The problem is that "We are trying to keep the database well normalized" is almost certainly the wrong answer - it plays back the ball into the court of mistrust and cross-purposes.
You have got to turn focus back onto the end goal, how best to meet that end goal (perhaps in several releases) and what it will cost in the short and long term. I've seen mention of technical debt in answers and cost estimates should take those factors into consideration.
It might not be a bad idea to "just add another column?". You really haven't given the entire business case. On the other hand, they have challenged your negative response with an ignorant technical question. That doesn't get to the heart of helping you understand the requirement because they didn't like hearing "no". (I'd like to know what the original statement of the problem was.)
Making the database normalized is a technical problem and has no bearing on the requirements the system must satisfy - it is a system design principle which you use to deliver systems with certain properties like maintainability. But a maintainable systems which don't meet user needs have zero value, while unmaintainable systems which do meet user needs have non-zero value (which might be exceeded by the cost of maintenance - which is a business problem). Whether EAV or some other mechanism is required is not really the point either - that just causes system complexity or cost to increase.
If the requirements are too expensive to ever implement, then that's part of the business case. You haven't told us enough about the architecture or the type of entities these tables model. Say you have 100 clients. There may be overlap in columns in a particular entity. Just as many as 95% of clients will never use the optional Billing-Address or a Middle-Name column, that doesn't mean those columns are left out - not only that, they are often in an original design! Alternatively, if this is a Products table and every client wants many special columns and there is no overlap, you might need a user-defined field system (EAV/XML/tag - the design will have to match the requirements) instead in order to maintain a cohesive system design.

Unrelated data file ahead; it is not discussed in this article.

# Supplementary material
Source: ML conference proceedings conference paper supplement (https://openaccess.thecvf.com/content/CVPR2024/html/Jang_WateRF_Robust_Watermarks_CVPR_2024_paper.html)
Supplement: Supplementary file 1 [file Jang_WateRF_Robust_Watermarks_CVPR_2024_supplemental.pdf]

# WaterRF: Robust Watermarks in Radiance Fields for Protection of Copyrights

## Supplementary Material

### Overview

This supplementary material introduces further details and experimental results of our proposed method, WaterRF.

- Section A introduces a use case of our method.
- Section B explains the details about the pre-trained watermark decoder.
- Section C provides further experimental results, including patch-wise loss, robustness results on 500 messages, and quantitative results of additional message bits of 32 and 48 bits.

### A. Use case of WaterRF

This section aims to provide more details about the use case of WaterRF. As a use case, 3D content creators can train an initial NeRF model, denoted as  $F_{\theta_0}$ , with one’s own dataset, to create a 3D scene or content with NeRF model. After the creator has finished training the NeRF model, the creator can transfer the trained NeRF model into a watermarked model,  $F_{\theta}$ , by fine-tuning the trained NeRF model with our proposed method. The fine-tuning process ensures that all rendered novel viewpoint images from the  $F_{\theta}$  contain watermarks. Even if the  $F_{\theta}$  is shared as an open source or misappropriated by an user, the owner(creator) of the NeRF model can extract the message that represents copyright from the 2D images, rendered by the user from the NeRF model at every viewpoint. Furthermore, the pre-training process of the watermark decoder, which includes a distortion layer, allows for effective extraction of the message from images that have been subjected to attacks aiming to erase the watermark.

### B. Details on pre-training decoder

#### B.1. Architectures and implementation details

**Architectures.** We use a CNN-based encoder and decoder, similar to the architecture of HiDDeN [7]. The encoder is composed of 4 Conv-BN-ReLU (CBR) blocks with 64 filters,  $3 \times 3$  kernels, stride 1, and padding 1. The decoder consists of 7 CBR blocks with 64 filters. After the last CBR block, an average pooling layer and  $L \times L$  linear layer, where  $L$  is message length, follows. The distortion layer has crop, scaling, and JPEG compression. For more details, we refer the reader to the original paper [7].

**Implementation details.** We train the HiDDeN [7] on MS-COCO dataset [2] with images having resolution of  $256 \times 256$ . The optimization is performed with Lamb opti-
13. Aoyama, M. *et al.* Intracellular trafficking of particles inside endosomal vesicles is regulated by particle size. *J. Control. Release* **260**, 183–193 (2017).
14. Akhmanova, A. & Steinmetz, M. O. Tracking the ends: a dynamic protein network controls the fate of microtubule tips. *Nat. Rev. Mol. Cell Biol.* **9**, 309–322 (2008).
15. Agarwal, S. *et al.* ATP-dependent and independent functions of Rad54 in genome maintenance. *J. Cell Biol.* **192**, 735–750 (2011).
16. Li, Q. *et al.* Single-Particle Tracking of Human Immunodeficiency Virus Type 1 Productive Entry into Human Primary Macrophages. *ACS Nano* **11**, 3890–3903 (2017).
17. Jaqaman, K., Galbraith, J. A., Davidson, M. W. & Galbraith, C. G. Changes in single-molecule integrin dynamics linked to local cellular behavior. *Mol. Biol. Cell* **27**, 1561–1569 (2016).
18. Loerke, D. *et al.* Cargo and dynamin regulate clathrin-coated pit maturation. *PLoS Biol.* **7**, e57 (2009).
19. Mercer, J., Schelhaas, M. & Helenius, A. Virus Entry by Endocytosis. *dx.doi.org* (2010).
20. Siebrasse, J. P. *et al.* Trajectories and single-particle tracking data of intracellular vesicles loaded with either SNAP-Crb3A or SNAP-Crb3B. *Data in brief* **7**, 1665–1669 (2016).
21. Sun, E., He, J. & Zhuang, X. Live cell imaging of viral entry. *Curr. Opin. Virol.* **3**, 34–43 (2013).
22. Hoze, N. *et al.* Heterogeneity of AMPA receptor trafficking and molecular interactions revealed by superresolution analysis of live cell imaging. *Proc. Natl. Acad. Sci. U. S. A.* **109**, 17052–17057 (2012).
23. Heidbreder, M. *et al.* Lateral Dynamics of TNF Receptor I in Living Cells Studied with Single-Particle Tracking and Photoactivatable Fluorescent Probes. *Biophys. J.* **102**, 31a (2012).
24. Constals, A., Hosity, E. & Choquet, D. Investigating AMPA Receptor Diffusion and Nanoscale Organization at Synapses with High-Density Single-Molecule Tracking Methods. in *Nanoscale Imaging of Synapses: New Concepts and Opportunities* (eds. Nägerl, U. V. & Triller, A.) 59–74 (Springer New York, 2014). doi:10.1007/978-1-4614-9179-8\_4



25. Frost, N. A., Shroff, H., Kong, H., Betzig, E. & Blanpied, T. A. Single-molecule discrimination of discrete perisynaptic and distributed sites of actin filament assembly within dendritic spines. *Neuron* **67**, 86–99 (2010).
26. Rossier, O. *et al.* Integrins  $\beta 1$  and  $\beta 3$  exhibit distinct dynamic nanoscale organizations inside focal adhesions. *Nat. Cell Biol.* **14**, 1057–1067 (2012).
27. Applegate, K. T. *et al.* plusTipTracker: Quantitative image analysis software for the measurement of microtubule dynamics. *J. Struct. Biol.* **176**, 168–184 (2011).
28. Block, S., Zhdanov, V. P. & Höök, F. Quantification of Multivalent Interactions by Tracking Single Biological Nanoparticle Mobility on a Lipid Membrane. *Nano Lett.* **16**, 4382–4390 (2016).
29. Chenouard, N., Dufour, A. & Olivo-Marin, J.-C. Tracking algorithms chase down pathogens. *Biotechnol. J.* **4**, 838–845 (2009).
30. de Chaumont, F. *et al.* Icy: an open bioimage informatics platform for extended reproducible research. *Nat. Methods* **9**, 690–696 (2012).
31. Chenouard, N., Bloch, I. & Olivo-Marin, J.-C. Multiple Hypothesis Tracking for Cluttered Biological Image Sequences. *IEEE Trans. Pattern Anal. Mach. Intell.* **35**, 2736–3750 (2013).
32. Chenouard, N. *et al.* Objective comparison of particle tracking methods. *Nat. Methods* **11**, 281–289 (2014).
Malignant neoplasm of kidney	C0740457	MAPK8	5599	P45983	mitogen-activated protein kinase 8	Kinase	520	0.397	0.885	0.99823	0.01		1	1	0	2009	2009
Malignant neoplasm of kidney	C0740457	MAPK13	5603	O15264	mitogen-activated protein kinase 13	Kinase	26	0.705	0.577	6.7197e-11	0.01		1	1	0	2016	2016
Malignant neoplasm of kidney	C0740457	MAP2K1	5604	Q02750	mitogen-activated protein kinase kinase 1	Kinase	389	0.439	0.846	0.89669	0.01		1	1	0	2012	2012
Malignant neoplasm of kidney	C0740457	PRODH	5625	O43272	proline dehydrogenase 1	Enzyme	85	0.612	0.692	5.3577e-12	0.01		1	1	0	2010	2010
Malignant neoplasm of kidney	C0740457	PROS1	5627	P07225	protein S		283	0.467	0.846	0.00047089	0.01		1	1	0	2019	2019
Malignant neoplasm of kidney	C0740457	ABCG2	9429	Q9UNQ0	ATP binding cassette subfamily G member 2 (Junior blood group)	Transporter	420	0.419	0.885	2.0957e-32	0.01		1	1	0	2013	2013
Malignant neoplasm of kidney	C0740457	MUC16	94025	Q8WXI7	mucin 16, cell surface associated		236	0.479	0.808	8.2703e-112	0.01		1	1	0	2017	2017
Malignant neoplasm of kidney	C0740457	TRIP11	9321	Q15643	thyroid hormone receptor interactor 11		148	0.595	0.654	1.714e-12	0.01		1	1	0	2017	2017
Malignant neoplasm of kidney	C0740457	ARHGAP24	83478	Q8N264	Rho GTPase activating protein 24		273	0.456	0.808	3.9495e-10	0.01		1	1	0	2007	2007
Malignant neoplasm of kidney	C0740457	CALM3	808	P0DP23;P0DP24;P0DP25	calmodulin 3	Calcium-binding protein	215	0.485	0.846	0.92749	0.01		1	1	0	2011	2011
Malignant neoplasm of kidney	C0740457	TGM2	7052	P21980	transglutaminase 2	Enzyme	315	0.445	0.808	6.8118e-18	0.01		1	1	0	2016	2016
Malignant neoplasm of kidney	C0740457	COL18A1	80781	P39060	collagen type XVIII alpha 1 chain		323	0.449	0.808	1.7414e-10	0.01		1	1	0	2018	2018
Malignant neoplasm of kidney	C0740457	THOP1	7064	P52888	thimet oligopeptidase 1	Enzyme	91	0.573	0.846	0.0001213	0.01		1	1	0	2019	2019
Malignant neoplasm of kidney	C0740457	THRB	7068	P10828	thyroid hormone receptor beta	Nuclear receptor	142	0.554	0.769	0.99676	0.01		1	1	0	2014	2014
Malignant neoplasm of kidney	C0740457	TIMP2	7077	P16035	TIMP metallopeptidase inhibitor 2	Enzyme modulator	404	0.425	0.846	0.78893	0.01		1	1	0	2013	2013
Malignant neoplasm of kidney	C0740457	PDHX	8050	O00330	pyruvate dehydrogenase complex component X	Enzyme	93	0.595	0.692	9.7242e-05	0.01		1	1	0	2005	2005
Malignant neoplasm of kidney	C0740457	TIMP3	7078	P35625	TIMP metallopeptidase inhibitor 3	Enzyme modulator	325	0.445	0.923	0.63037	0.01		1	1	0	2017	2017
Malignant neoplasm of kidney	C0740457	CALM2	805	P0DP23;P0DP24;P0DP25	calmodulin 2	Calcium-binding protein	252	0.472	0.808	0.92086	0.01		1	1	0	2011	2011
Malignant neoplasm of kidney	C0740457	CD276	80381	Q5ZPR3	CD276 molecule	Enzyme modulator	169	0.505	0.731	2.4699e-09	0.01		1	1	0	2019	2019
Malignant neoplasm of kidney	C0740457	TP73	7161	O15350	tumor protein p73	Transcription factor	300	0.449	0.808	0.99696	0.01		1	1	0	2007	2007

I have rarely found business to ignore a technical debt argument - particularly if a proposed solution can be shown to meet the user needs and flexibility can become a selling point. What I have found is that business will often prefer if you present solution choices as quickly and thoroughly as possible without spending more time explaining why something can't be done or how much it's going to cost than it would take to buckle down in a couple afternoons and actually getting the work done.